Author’s note: set in the Firefly universe – the third of a series of character background pieces for an RPG
Low Orbit, Beylix, 10 December 2509
“Ready, Ma’am.” The voice was Lars Haskell’s, commander of the Tsinghai’s small force of Marines.
Connie glanced again at the rocky orb that was Beylix, close enough now the horizon line across her viewscreen was almost straight. “Good. Gunnery?”
“Ready as we can be, Cap.” Matt Clarke never was one for the details of protocol.
She could almost feel Denise Taylor, the new occupant of what had formerly been her seat at the navigation console, smiling to her right, but she didn’t look round or comment, instead glancing across at Alexei Ross… in Danny’s seat…. “Take us down, Mr. Ross.”
As he nudged the Tsinghai out of orbit, she keyed her mic to shipwide. “All hands, stand by for re-entry.”
Landing Pad, Corazon, Beylix, 10 December 2509
“I don’t like this,” Connie murmured on the command loop.
“Too quiet?” offered Denise, equally softly.
She nodded, still watching the snow-covered pad out of the bridge canopy screen. Admittedly the planet’s defences were known to be light, and they had come in, in the light of recent intelligence, away from the main port, but to expect the mines not to be defended, and no resistance on the way down…? “Something’s not right. And I hate sitting on a pad like this. Makes us a sitting duck.” She flipped channels to the one that included the Marines. “Haskell. Report.”
The Marine commander’s voice was a touch crackly. “In position: can see three civillians around the mine entrance. Moving up now…”
He left his mic on as the Tsinghai’s contingent of forty Marines charged the mine, and Connie could hear his sharp yell: “Alliance Marines: hands on heads, turn around.” She waited, breath held. “Jones, target, ten o’clock.” There was a sharp, staccato rattle of gunfire, before Haskell came back to her. “Minehead secure, Captain. Only token res…”
His words vanished in the dull roar of what could only be an explosion, that turned to static in her ear yet was still audible in the Tsinghai. “Haskell?”
She could feel the rest of the Tsinghai’s bridge crew looking at her. “Haskell? Anyone?”
Thirty seconds. A crackle, then she could hear the sound of occasional, distant gunfire. “Ma’am. Lt. Marks, Ma’am.”
Thank God. Janice Marks was level-headed in a crisis, if nothing else. “Report, Marks.” And this was definitely heading towards being a crisis.
She sounded breathless. “It…. was a trap, Ma’am. Whole load of explosives rigged to blow.” Connie could picture her, blonde hair pulled back in a tight ponytail, with a tell-tale frown creasing her brow.
“Uh…” She paused. “Easier to say who’s not, Ma’am. Me, Jones, McGrew, Rico.” Another pause, and she could hear someone addressing her in the background, before Marks came back to her. “OK. Ma’am? Jones says they’ve got a FK188 up on a bluff. It doesn’t have a field of fire over you on the pad, but you’re a sitting duck on takeoff.”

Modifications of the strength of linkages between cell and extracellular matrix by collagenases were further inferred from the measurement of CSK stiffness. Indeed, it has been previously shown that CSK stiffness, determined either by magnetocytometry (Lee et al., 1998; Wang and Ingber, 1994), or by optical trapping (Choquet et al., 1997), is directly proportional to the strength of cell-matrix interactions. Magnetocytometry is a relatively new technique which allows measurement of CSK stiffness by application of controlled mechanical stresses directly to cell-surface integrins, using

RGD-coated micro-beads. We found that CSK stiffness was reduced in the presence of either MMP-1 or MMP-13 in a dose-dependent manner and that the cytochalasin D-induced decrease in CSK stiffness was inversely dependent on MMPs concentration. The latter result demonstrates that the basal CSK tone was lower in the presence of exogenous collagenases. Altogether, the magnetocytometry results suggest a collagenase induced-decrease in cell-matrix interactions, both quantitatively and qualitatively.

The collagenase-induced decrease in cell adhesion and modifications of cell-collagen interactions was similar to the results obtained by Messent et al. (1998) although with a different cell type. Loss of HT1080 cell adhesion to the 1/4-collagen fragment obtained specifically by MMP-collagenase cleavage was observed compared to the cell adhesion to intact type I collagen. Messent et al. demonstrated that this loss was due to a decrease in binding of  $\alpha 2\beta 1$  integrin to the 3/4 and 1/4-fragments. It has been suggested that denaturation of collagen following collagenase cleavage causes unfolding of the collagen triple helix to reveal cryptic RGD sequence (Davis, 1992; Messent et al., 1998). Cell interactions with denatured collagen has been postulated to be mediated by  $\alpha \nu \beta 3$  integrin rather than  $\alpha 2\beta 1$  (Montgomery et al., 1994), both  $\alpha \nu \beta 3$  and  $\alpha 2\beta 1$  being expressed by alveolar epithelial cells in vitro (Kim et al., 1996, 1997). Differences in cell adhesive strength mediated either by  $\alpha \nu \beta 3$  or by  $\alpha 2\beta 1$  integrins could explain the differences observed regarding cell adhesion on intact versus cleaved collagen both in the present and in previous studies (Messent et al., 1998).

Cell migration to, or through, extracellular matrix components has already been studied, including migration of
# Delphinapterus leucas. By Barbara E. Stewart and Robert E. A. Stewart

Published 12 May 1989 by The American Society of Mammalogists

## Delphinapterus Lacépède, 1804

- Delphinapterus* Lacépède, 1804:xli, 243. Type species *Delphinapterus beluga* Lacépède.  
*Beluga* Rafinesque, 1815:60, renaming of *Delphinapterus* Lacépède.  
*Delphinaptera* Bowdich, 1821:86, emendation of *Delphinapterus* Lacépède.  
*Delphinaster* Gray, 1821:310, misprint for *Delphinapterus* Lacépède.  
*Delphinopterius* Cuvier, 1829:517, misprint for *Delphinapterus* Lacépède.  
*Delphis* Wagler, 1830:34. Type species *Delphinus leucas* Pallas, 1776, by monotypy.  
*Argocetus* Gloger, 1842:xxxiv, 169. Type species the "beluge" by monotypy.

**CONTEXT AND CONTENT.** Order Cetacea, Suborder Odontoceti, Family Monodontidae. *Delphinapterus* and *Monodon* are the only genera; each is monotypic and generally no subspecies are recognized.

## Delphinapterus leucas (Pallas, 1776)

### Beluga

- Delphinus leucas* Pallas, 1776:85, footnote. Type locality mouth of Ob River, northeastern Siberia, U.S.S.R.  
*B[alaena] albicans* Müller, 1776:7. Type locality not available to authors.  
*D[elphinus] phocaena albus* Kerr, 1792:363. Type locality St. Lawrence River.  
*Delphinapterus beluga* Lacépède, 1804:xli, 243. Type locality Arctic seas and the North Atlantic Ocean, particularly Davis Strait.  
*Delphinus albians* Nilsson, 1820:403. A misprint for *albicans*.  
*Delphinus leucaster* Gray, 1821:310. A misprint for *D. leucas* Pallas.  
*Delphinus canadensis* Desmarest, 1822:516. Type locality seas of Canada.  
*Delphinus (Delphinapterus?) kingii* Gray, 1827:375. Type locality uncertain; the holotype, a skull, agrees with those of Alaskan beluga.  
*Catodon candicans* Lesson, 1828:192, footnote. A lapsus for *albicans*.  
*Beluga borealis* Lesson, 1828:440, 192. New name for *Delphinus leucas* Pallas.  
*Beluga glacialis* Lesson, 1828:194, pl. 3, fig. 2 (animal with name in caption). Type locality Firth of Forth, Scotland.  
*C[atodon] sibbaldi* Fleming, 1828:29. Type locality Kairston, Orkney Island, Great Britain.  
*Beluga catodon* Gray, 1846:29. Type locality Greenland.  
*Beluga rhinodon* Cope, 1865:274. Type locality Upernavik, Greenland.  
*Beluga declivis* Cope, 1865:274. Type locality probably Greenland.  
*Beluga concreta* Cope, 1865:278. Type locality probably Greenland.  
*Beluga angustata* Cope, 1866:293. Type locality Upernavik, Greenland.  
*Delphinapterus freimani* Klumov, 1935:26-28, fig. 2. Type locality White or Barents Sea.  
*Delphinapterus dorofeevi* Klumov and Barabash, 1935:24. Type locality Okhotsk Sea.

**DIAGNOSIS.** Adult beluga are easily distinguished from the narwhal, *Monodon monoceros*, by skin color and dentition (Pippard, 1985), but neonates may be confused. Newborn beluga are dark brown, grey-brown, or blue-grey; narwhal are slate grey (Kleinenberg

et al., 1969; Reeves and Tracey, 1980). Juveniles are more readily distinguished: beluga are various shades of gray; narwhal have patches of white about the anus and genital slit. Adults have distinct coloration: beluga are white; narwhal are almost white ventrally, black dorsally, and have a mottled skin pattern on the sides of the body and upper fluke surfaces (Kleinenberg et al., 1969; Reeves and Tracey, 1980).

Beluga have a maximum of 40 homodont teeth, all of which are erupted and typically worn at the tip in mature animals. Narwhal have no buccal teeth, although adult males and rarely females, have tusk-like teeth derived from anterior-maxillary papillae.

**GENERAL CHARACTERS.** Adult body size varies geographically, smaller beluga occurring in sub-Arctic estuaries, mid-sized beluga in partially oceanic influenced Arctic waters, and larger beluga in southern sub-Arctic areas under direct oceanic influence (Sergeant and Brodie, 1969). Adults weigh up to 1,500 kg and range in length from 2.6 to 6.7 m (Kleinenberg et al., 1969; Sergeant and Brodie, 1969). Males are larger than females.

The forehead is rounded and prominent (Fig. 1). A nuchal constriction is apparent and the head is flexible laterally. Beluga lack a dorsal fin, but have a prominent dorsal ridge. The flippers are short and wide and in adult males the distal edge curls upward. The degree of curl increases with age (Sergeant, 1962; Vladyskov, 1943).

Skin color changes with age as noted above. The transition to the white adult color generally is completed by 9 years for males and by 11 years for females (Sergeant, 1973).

Crap. A FK188 point defence gun, firing depleted uranium rounds, was plenty to make a serious hole in the Tsinghai at close range, certainly enough to breach their hull integrity. “Any way you can get to it?”
Another rattle of gunfire. “Nuh… uh… Nope. They’ve got us pinned down here, Ma’am.”
“Ok.” She looked round at the expectant faces on the bridge. “We’re coming to get you. Hold your position.”
“Yes Ma’am.” The relief in Janice Marks’ voice was clearly audible.
She flicked back to the command loop. “Davies, keep her hot and prepped for take off.”
“Ma’am.” Scott Davis in Engineering’s voice was as calm as ever.
“Medical, stand by.” An affirmative noise from Leigh-Anne Duckworth in the medbay. “Clarke, break out the weapons and body armour.”
“Yes Ma’am.” Predictably, Matt Clarke liked that idea.
“Ross: stay here, be ready to dust off on my order.” He nodded, and she switched to shipwide, took a deep breath. “All hands with small arms training not required by their section head, report to the armoury.”
Mine trail, Corazon, Beylix, 10 December 2509
Connie blew on her hands as the little troop picked its way along the trail, boots crunching on the snow. Damn, but it was cold out here. Mike Lewins’ Colt banged against her left thigh, and unthinkingly she glanced at Danny’s watch. Half an hour since Marks’ distress call. The body armour she was wearing was uncomfortably tight, and she found the helmet irritating. Flanking her, Matt Clarke grinned, hefting the big Callahan assault rifle, and on the other side Denise Taylor looked surprisingly competent with the SMG she was holding. She keyed her headset again, keeping her voice low. “Marks, status.”
The Lt.’s voice was equally soft. “Trail you’re on ends the opposite side of the mine compound from us. Whole thing’s a killing zone. There’s a couple of machine guns covering it from near the FK188, up above your approach on the right, and another group nearer us on the left by the wash-house. Can’t get to either from here.”
Terrific. Connie exhaled, watching her breath condense into clouds as soon as it left her mouth. “Confirmed. Hold.”
Five minutes more stealthy progress brought them to the top of the trail, a ten foot wide cleft between two sheer rocky outcrops. Connie directed her scant dozen against the right wall short of the last turn before the opening, conscious of Marks’ warning, set her back against the rock and frowned. “Clarke.” She kept her voice low, as did he.
“Ma’am.” Eager, unsurprisingly.
“Think you can figure out where they are without getting yourself killed?”
He grinned, nodded. “Sure, Cap.” He traded the Callahan for Denise Taylor’s SMG, checking the safety and leaving Connie’s XO rather forlornly holding the big weapon. “Lemme go stir up a hornet’s nest.”